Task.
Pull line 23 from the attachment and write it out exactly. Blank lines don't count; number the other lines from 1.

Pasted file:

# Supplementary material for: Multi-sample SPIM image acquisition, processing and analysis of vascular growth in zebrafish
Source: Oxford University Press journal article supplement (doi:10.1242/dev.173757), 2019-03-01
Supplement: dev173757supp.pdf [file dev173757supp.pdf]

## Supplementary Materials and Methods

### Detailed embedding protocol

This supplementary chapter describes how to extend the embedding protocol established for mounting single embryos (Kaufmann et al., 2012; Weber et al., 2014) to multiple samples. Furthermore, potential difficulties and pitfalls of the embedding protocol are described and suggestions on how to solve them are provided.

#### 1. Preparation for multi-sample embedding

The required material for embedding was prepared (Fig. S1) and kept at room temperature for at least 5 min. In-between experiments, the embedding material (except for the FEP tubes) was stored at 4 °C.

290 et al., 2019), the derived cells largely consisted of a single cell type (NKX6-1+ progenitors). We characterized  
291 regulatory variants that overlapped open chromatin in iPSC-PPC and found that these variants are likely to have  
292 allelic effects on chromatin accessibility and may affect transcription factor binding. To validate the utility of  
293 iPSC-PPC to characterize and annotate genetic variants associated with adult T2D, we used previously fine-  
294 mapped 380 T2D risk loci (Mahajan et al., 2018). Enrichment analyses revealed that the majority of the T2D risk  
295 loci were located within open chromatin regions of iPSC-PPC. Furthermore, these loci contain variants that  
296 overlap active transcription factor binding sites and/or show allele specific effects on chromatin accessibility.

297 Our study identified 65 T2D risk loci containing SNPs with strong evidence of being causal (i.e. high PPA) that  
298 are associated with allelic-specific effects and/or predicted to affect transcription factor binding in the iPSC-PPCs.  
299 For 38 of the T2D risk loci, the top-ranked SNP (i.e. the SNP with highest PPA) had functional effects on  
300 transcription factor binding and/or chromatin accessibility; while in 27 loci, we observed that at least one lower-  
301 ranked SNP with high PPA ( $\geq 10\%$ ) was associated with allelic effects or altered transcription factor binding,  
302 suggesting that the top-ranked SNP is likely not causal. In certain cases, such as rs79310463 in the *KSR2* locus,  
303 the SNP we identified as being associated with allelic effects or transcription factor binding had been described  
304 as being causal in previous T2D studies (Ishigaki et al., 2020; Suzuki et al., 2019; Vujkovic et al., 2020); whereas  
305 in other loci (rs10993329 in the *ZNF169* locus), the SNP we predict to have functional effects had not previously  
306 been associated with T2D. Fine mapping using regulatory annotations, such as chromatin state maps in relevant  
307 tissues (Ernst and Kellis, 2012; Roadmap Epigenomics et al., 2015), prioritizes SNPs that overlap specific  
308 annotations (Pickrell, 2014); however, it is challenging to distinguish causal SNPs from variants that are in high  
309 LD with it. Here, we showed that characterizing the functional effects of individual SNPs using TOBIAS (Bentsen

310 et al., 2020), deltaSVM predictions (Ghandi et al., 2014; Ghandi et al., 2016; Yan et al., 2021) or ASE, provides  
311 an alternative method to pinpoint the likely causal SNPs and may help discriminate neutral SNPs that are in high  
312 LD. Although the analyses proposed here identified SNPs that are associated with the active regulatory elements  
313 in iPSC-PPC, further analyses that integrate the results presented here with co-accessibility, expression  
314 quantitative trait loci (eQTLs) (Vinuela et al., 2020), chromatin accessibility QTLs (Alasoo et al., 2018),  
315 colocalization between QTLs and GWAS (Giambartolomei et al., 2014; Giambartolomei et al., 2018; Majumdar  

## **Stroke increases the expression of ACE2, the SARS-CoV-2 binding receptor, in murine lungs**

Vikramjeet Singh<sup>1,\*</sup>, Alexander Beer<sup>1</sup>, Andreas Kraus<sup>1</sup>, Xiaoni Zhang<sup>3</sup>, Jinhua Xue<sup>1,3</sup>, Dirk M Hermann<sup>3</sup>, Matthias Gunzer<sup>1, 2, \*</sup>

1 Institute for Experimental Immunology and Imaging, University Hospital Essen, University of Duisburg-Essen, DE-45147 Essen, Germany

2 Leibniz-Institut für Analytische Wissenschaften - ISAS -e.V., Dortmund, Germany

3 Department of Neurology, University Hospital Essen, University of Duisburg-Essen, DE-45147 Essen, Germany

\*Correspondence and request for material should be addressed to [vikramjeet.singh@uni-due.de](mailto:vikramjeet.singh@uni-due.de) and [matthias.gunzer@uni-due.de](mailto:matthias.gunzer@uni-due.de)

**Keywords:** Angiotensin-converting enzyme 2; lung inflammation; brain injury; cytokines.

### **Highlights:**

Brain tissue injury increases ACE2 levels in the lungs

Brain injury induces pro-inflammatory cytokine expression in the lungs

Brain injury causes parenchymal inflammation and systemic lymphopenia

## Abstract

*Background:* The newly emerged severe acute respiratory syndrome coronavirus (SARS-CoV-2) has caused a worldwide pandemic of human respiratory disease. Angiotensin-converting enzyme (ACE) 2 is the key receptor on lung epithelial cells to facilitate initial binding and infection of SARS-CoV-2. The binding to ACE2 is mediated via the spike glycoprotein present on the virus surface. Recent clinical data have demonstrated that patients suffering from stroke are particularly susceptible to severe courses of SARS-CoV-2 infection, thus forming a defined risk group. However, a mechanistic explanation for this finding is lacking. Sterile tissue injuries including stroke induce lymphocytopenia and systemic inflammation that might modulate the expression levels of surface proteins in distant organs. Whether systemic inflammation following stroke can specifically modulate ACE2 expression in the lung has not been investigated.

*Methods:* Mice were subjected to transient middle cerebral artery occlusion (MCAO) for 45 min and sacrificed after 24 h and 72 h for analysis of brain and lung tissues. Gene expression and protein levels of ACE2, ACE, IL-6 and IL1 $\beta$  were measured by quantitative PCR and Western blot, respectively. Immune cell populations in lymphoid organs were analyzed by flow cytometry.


304 as being causal in previous T2D studies (Ishigaki et al., 2020; Suzuki et al., 2019; Vujkovic et al., 2020); whereas  